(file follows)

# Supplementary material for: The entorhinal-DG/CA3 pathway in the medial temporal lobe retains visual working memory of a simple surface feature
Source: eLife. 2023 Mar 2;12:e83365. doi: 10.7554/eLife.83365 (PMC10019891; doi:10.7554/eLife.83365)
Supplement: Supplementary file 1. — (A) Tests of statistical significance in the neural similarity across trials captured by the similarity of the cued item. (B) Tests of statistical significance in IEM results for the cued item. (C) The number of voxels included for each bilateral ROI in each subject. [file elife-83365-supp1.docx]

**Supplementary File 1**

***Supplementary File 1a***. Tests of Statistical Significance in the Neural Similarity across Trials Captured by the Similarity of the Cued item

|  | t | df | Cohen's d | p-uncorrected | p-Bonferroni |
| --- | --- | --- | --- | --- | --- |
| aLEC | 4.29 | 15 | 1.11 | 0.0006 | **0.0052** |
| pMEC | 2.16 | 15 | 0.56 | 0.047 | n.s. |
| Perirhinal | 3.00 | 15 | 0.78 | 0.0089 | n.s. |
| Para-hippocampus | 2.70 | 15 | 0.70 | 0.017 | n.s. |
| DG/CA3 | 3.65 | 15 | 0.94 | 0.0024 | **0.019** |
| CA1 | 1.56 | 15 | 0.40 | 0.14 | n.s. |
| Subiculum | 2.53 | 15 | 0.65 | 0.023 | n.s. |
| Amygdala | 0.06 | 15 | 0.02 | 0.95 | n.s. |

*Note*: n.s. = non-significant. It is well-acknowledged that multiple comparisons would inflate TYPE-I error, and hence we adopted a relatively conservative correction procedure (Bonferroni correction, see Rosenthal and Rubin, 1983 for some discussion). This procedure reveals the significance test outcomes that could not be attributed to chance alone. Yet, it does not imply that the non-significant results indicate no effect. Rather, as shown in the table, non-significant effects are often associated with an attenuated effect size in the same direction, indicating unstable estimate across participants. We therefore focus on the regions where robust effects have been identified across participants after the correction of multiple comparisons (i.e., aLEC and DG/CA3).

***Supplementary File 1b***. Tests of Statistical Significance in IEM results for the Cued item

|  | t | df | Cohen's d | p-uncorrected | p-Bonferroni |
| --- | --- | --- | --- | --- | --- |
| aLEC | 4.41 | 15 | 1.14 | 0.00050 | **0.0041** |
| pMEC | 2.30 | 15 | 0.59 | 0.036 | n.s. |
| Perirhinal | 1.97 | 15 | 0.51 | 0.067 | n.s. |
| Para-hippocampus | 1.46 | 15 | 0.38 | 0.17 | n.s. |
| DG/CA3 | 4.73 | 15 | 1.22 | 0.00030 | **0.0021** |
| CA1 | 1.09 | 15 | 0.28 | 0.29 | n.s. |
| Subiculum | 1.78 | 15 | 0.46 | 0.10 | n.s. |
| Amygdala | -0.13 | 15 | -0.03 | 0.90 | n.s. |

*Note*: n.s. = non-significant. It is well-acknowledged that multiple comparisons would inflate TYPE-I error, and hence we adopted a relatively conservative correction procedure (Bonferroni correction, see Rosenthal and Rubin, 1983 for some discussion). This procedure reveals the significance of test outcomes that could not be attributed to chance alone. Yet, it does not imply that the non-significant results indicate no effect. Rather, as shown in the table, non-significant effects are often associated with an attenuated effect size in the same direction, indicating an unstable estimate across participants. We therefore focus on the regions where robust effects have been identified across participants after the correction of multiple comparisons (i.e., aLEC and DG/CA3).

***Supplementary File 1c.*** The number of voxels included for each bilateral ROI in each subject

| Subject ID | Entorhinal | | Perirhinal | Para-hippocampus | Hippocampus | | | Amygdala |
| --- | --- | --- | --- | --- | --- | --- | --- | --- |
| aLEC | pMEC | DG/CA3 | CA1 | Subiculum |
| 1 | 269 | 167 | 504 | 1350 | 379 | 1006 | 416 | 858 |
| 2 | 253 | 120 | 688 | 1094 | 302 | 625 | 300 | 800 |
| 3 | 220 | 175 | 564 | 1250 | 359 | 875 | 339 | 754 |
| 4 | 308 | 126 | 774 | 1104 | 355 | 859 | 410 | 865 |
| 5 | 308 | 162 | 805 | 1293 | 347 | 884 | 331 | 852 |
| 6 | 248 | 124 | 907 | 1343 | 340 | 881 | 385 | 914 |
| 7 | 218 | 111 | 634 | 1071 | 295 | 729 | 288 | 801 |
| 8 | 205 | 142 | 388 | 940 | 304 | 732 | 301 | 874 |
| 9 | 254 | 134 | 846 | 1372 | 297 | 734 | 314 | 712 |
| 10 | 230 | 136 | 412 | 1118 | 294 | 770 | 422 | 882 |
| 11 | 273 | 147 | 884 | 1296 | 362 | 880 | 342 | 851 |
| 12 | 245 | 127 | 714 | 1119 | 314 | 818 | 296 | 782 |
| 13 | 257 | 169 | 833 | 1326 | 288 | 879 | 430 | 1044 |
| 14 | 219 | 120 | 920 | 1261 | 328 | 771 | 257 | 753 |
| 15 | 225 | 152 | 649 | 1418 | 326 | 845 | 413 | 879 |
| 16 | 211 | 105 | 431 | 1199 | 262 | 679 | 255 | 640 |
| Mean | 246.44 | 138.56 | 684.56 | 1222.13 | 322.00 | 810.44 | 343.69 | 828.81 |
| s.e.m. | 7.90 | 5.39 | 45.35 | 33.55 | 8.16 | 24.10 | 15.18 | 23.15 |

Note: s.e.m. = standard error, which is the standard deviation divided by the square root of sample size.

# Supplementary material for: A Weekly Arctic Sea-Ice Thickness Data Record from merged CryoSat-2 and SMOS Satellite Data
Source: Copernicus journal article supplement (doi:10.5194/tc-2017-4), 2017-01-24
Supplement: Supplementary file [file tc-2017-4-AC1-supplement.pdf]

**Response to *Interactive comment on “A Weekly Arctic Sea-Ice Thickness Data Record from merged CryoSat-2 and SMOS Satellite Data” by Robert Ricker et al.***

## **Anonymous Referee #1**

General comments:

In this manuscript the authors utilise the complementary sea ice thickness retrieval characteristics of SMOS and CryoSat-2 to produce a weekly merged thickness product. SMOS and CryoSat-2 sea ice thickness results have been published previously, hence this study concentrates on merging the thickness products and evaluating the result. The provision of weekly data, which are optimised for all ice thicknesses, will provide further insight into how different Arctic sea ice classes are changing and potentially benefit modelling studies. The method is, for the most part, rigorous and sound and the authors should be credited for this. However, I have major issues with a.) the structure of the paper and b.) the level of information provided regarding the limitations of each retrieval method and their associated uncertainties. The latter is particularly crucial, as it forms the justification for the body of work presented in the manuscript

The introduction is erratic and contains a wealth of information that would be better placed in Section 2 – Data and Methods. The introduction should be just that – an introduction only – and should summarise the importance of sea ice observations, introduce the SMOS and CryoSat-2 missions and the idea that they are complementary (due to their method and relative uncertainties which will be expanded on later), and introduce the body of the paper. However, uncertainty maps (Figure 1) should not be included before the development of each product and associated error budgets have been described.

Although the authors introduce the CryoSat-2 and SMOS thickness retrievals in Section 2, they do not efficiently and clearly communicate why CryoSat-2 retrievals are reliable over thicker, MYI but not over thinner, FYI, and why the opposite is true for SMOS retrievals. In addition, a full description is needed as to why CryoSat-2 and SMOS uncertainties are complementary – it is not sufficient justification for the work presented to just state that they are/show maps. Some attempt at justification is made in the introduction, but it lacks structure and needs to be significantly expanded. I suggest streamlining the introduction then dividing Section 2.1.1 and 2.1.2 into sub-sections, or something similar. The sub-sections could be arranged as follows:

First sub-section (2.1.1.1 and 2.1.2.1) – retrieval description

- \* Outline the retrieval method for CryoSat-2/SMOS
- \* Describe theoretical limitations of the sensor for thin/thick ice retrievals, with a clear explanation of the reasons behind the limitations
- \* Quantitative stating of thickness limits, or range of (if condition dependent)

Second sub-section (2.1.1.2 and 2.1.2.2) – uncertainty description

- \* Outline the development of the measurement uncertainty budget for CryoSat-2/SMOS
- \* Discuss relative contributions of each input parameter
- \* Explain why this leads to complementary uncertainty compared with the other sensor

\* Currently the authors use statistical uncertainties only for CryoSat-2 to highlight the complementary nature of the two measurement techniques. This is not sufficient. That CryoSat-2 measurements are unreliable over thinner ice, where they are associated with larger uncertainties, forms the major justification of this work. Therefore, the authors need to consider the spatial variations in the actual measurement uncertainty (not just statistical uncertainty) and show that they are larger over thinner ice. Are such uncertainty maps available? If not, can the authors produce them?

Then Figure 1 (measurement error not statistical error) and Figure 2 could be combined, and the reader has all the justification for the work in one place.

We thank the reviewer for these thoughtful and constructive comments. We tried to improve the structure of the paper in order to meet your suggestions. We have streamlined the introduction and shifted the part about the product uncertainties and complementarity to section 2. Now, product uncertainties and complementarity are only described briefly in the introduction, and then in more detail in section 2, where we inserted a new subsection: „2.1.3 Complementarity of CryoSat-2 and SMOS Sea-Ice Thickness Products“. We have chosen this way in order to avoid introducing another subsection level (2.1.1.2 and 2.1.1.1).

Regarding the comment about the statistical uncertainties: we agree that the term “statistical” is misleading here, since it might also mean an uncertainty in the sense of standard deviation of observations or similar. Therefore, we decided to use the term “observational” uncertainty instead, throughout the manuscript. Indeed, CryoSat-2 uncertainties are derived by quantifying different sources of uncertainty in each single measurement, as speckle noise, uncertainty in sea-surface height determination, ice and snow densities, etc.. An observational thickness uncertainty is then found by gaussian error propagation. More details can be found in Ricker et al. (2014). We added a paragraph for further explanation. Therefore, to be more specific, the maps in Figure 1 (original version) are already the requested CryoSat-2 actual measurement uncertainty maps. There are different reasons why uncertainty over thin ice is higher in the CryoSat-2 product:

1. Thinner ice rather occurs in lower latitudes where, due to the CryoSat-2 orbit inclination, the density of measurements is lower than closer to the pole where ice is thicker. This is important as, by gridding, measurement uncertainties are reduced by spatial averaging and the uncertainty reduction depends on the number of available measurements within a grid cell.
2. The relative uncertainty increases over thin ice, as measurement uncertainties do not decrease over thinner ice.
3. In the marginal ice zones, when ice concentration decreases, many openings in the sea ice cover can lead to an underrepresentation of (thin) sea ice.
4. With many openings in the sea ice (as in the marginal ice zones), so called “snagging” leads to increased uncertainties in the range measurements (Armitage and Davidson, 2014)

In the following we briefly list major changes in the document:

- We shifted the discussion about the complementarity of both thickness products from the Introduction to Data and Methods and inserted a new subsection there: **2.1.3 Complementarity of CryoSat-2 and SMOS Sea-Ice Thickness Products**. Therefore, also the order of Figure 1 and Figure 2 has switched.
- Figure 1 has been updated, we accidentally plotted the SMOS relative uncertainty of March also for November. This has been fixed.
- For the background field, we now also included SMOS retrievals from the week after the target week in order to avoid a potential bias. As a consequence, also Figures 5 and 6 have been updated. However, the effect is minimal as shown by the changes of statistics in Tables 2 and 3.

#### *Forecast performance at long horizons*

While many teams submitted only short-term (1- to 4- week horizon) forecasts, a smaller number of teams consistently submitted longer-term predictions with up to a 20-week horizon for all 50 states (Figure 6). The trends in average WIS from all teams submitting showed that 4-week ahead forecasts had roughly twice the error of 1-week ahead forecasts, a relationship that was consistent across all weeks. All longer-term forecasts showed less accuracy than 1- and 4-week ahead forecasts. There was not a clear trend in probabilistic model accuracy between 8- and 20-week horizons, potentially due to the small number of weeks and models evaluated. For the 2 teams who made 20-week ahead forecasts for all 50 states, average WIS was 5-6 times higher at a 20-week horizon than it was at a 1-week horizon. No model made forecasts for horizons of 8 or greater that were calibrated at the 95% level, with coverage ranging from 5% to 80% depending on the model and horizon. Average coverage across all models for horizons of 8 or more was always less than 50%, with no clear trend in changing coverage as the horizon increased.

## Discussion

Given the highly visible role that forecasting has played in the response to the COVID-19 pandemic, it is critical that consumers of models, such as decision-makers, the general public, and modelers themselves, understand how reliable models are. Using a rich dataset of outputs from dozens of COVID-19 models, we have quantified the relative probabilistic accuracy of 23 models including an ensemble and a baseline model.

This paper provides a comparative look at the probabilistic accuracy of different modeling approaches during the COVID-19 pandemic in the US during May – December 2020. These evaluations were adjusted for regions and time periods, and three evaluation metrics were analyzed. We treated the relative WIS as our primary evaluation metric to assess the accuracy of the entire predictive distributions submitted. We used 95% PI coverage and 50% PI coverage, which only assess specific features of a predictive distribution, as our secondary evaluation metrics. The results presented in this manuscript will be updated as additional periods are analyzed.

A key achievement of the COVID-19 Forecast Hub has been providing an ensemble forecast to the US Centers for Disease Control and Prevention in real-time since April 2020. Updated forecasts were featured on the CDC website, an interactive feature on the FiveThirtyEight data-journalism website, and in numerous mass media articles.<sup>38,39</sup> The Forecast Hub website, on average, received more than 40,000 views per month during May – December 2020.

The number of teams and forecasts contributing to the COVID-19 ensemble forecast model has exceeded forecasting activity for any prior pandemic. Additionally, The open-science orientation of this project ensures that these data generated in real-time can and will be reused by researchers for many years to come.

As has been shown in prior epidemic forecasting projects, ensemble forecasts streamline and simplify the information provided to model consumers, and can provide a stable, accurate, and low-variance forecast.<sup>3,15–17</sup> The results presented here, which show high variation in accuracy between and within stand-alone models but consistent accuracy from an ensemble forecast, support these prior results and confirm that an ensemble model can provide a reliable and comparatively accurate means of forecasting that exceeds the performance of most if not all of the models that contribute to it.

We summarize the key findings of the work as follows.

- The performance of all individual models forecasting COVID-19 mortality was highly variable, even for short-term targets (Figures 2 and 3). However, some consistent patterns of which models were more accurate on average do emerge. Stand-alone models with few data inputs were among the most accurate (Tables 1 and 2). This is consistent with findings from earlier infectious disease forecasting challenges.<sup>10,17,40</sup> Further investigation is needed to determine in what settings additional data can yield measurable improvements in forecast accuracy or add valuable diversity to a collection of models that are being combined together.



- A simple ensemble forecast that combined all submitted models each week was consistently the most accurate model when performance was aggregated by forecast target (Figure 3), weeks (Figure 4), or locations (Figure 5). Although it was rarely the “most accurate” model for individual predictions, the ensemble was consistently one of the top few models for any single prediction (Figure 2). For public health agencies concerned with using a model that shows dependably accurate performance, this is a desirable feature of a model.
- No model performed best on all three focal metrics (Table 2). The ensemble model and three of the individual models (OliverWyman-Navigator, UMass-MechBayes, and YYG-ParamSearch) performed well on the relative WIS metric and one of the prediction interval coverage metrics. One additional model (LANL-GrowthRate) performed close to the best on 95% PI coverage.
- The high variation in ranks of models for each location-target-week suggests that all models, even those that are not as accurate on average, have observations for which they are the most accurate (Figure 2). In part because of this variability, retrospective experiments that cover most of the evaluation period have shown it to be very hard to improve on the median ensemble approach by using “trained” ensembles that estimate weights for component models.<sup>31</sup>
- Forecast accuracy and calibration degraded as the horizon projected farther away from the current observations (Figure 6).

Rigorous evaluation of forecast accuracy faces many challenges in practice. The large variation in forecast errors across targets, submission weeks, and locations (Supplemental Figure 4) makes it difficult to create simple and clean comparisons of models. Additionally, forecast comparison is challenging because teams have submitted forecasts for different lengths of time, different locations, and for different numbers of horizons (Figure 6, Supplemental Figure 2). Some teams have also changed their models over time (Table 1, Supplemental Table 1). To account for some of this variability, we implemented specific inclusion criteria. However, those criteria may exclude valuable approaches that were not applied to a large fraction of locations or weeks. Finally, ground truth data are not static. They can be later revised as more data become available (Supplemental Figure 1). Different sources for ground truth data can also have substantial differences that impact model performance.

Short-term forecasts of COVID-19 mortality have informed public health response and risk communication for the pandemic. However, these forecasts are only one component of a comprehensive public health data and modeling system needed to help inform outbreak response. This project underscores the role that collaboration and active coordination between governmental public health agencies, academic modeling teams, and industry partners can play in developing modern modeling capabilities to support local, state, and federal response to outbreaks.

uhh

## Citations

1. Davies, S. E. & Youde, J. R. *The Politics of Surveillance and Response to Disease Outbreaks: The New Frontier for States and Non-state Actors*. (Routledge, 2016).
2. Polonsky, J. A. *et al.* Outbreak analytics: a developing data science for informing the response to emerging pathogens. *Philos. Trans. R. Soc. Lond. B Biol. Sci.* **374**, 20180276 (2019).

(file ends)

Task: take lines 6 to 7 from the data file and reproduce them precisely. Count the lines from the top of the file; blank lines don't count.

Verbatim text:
|  | t | df | Cohen's d | p-uncorrected | p-Bonferroni |
| --- | --- | --- | --- | --- | --- |